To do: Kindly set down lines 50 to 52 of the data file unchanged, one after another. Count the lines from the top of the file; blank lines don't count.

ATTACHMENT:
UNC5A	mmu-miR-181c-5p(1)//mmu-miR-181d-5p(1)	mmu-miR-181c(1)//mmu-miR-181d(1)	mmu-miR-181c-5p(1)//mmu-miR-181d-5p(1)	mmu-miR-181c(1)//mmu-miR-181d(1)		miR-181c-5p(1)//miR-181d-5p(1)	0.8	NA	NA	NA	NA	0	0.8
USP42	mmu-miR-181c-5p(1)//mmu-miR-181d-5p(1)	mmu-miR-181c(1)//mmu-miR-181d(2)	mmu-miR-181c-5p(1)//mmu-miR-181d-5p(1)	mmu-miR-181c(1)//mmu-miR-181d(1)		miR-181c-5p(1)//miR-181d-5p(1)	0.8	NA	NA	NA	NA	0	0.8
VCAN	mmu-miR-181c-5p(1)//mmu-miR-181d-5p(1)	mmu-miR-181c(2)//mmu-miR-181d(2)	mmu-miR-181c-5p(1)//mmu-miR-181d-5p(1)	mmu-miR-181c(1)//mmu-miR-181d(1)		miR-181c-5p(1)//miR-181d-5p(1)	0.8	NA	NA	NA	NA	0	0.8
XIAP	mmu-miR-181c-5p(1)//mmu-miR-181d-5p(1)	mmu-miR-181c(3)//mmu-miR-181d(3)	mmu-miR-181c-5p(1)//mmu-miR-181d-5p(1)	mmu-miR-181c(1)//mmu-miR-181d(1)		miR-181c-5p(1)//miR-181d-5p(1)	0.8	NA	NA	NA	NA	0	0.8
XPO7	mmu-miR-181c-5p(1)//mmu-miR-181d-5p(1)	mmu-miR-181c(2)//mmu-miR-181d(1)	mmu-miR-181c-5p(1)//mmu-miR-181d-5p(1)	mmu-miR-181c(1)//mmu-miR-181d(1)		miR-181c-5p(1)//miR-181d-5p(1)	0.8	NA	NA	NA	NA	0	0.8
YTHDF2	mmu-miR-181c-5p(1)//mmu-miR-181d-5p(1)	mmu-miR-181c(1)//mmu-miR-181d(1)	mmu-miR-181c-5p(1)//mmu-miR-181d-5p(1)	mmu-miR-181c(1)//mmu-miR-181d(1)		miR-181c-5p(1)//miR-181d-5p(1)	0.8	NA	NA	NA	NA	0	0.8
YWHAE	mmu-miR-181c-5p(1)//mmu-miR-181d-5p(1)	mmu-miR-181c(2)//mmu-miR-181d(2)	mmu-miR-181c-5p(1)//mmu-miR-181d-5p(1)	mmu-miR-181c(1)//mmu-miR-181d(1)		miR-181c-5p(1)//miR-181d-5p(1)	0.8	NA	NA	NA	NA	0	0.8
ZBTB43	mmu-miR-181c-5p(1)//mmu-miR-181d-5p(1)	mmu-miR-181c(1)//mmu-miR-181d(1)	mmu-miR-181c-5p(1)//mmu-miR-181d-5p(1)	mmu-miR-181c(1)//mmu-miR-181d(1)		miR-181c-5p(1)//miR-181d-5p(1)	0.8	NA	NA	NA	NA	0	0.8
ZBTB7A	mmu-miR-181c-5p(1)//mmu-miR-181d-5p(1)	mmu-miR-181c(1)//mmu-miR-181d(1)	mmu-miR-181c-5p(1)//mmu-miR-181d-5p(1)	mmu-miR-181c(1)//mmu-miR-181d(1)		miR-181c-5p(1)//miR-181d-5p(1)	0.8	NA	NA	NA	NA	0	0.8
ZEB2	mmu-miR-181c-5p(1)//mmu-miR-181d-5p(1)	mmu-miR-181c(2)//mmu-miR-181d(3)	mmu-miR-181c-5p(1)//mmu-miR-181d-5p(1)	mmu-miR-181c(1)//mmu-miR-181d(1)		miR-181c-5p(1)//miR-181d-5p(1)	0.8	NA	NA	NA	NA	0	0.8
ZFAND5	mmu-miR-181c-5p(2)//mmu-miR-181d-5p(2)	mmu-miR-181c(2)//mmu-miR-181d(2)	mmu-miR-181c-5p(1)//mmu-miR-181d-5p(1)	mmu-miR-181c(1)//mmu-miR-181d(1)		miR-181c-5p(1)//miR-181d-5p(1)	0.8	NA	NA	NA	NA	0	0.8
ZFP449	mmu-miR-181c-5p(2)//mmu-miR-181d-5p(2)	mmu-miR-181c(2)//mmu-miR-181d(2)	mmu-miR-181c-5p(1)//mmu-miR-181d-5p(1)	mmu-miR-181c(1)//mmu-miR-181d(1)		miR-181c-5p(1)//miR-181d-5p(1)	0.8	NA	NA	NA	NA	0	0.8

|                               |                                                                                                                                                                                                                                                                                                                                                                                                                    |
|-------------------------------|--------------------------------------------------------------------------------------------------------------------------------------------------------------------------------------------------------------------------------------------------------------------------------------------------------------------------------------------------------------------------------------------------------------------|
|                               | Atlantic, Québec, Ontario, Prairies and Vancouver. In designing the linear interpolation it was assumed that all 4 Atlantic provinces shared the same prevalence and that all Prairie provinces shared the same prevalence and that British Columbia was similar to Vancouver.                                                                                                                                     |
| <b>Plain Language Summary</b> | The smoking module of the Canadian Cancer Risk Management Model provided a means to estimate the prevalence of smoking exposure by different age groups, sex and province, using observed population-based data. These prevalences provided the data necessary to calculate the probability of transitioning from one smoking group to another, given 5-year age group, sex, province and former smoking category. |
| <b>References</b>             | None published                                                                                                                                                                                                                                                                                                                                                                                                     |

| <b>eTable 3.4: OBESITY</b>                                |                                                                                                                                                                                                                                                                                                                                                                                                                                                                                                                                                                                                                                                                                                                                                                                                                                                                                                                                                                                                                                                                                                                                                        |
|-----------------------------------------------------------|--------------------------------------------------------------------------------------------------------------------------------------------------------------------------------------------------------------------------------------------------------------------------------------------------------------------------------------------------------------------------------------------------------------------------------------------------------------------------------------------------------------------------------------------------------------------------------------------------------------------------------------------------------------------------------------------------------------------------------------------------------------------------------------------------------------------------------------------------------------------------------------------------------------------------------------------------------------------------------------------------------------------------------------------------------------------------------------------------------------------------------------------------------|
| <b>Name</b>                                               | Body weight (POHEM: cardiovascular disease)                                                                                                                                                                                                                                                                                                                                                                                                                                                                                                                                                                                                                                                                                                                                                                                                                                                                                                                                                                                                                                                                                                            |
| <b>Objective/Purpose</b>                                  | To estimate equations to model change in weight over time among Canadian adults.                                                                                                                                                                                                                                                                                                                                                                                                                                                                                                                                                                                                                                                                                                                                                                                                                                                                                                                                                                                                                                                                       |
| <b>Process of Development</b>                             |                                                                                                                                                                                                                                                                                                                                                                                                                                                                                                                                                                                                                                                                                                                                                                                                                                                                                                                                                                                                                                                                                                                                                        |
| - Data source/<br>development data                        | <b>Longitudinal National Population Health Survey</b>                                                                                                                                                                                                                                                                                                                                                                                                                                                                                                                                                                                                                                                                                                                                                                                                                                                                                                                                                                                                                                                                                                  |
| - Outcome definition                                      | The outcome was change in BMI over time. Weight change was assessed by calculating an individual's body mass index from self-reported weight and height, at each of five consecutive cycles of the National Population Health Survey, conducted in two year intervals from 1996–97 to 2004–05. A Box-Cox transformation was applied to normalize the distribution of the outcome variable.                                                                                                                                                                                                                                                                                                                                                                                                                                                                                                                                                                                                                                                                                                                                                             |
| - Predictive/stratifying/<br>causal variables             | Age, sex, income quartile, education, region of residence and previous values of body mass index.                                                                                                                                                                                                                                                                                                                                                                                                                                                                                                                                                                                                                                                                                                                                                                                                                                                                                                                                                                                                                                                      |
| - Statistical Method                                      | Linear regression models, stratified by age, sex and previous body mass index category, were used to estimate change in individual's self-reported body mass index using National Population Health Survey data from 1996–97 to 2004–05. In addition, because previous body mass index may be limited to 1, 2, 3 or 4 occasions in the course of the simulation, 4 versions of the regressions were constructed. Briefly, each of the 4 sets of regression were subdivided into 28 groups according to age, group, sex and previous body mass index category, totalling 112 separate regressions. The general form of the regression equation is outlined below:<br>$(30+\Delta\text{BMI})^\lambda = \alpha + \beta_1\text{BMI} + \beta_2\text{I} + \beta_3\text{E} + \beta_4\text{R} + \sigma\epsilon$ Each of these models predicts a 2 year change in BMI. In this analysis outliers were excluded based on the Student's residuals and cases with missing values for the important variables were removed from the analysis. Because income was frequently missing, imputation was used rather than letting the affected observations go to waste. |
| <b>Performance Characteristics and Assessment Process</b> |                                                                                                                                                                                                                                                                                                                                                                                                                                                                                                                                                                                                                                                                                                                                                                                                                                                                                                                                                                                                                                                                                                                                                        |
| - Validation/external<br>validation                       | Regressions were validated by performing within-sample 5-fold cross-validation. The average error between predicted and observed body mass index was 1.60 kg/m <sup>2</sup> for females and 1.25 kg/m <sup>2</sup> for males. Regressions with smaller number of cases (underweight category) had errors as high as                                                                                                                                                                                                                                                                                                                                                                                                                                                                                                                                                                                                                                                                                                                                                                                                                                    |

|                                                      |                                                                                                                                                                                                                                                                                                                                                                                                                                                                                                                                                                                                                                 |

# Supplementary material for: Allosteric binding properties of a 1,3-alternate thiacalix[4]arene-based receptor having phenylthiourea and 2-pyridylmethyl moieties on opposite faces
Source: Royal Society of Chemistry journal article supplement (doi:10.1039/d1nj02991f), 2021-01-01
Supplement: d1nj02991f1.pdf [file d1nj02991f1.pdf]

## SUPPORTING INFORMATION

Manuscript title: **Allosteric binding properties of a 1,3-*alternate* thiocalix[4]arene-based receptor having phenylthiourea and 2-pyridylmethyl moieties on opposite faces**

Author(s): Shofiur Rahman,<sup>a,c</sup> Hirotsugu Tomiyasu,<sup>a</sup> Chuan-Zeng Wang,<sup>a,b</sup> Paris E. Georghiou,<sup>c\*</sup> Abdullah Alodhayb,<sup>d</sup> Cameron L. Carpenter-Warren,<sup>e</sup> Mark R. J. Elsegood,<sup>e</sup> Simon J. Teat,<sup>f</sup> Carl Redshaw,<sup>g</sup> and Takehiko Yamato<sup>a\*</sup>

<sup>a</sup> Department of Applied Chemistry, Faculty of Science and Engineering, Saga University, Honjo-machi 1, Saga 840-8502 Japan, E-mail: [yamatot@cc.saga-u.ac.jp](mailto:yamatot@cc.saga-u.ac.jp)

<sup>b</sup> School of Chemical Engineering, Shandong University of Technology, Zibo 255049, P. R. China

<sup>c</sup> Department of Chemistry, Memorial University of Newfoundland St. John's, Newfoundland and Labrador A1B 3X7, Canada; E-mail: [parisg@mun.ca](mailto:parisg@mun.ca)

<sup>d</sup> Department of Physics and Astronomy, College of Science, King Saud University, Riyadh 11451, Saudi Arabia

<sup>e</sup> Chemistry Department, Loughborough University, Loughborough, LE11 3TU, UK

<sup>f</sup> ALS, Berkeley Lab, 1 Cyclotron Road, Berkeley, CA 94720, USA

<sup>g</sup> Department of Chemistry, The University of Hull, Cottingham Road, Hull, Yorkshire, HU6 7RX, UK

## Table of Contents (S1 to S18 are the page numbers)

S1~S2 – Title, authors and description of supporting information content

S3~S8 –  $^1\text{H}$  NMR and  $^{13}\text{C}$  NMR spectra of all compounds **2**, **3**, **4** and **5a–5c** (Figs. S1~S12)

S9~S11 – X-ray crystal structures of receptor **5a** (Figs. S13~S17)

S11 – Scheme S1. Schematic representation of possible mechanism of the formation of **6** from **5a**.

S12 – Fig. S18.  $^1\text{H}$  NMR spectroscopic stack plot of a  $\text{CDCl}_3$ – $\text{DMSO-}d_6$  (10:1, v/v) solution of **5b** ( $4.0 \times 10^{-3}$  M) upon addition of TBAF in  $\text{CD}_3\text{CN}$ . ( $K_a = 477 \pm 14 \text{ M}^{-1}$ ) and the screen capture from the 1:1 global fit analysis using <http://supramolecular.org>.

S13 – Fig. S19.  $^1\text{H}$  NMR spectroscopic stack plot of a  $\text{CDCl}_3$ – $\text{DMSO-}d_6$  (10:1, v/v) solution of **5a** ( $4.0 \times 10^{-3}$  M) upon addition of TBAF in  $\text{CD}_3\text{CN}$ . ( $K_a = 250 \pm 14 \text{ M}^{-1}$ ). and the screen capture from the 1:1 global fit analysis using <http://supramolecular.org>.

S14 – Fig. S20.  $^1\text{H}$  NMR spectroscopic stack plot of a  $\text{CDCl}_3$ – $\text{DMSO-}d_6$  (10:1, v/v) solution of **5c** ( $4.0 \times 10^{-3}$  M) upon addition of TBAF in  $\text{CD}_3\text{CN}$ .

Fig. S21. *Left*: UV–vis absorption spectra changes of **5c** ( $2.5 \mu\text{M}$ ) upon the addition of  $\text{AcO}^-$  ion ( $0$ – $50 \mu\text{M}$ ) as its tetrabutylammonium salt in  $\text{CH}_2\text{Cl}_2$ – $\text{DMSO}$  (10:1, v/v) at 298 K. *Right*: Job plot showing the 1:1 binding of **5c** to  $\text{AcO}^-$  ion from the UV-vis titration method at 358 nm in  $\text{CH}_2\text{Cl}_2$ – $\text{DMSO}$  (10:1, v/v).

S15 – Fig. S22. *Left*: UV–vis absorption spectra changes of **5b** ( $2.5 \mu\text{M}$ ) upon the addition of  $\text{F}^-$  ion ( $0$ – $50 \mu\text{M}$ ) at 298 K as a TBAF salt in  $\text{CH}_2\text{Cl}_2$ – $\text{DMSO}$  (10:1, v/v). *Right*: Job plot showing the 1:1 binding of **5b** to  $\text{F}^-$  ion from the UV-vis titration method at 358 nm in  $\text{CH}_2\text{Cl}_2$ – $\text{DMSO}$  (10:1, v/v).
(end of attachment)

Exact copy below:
S14 – Fig. S20.  $^1\text{H}$  NMR spectroscopic stack plot of a  $\text{CDCl}_3$ – $\text{DMSO-}d_6$  (10:1, v/v) solution of **5c** ( $4.0 \times 10^{-3}$  M) upon addition of TBAF in  $\text{CD}_3\text{CN}$ .

Fig. S21. *Left*: UV–vis absorption spectra changes of **5c** ( $2.5 \mu\text{M}$ ) upon the addition of  $\text{AcO}^-$  ion ( $0$ – $50 \mu\text{M}$ ) as its tetrabutylammonium salt in  $\text{CH}_2\text{Cl}_2$ – $\text{DMSO}$  (10:1, v/v) at 298 K. *Right*: Job plot showing the 1:1 binding of **5c** to  $\text{AcO}^-$  ion from the UV-vis titration method at 358 nm in  $\text{CH}_2\text{Cl}_2$ – $\text{DMSO}$  (10:1, v/v).

S15 – Fig. S22. *Left*: UV–vis absorption spectra changes of **5b** ( $2.5 \mu\text{M}$ ) upon the addition of  $\text{F}^-$  ion ( $0$ – $50 \mu\text{M}$ ) at 298 K as a TBAF salt in  $\text{CH}_2\text{Cl}_2$ – $\text{DMSO}$  (10:1, v/v). *Right*: Job plot showing the 1:1 binding of **5b** to  $\text{F}^-$  ion from the UV-vis titration method at 358 nm in  $\text{CH}_2\text{Cl}_2$ – $\text{DMSO}$  (10:1, v/v).